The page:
One of the best things I ever watched on TV is the episode of "Seinfeld" called "The Opposite". There George Costanza announces "My life is the complete opposite of everything I ever wanted to be!" and then Seinfeld convinces him that “if every instinct you have is wrong, then the opposite would have to be right”. And when George decides to do the complete opposite of what he would do normally, his life becomes a success! Watch the episode and you'll see how he managed to pick up a hot girl with the line: "Hi, I'm George. I'm unemployed and I live with my parents."
Besides being funny, this episode gives you an interesting idea. What happens if you indeed follow George's example? Say, you regularly lose money on the stock market (most people do!), what if you bought stocks exactly when you would've sold your whole portfolio and sell them when you think they would "go to the moon"? Actually, this is exactly how Warren Buffet made his Billions. Here is what he said himself: "I will tell you how to become rich. Close the doors. Be fearful when others are greedy. Be greedy when others are fearful."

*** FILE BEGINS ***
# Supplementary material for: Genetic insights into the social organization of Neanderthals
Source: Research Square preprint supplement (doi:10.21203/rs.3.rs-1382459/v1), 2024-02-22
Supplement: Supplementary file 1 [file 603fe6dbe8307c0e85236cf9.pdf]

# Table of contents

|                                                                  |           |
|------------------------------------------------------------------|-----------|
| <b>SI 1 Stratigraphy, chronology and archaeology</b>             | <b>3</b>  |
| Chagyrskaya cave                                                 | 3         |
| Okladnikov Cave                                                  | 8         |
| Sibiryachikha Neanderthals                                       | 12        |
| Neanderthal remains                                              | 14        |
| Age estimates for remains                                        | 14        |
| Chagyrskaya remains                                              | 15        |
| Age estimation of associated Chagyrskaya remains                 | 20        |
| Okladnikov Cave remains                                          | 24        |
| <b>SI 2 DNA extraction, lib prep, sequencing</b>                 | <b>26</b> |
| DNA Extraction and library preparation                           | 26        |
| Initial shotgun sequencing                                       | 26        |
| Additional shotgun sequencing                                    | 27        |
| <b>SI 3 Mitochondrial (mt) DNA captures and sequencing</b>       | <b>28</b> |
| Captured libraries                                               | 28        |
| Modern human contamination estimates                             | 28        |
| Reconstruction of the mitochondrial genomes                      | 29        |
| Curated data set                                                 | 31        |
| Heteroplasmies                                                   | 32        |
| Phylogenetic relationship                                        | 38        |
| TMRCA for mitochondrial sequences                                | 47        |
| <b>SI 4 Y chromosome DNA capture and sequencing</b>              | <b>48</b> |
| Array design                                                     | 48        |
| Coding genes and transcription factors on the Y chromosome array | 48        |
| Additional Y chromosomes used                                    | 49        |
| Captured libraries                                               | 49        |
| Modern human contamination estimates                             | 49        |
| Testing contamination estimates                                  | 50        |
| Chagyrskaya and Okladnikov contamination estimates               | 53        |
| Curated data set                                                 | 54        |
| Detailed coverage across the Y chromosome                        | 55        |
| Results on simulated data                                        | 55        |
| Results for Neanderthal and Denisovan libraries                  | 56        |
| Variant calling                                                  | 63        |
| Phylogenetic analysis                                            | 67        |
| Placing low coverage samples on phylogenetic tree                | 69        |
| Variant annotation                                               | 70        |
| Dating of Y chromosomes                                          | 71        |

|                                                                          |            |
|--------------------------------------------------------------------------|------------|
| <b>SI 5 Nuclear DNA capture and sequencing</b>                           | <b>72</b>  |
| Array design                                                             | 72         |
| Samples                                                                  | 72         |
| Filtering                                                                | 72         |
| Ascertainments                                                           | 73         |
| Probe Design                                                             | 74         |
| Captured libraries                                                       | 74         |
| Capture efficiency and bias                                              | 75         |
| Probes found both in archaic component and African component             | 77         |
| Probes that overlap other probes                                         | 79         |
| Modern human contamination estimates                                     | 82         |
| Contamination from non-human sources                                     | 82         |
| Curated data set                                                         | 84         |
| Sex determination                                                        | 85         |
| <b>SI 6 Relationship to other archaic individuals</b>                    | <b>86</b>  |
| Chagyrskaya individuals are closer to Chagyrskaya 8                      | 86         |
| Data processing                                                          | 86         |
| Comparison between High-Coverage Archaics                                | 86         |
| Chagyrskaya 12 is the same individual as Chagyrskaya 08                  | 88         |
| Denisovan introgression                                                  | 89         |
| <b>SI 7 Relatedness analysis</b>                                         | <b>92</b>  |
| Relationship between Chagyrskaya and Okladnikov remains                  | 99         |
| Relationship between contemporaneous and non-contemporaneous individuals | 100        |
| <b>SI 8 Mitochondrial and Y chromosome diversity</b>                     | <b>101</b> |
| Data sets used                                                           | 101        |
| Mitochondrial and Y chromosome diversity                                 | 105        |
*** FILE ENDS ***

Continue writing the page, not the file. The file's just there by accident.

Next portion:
Since this is a chess website, you can ask me, how the "Do the Opposite" can help your chess in general and (since my column is devoted to openings) how can it help your openings in particular ? Well, in order to do the opposite, let's see how the majority of chess players study openings. First they buy a nice book (DVD, video) with a promising title (like "Beating the Sicilian") and then they study it, trying to memorize all the variations. The result is usually a disaster. Besides the possibility to mix up some variations or just forget them during an actual game, there is always a risk that when your opponent plays a move that wasn't analyzed in the book and you are on your own, you can make some silly mistake because you don't really understand the variation, you just copied the moves from the book. But even if everything goes according to your plan and your opponent plays the exact moves you were preparing it still doesn't guarantee success. Let me give you an example and you'll see what I mean. Imagine that you just bought a book called "Winning with the Scandinavian" by Ron Harman and Shaun Taulbut (published by Henry Holt,1993).
You studied the book from the very first till the very last page. And in your next game your opponent is kind enough to follow the variation that can be found on page 47 of the above-mentioned book. But in the position featured on the following diagram, instead of the recommended "9.Qd2 and White's advantage is small" he plays a different move. What move? Try to find it!
Yes, this is what can really happen: you follow the book's line only to lose your Queen and resign without playing one single move of your own! And I am not really picking on this particular book. This problem is quite typical. Want another proof? Here is the shortest game Vishy Anand ever lost: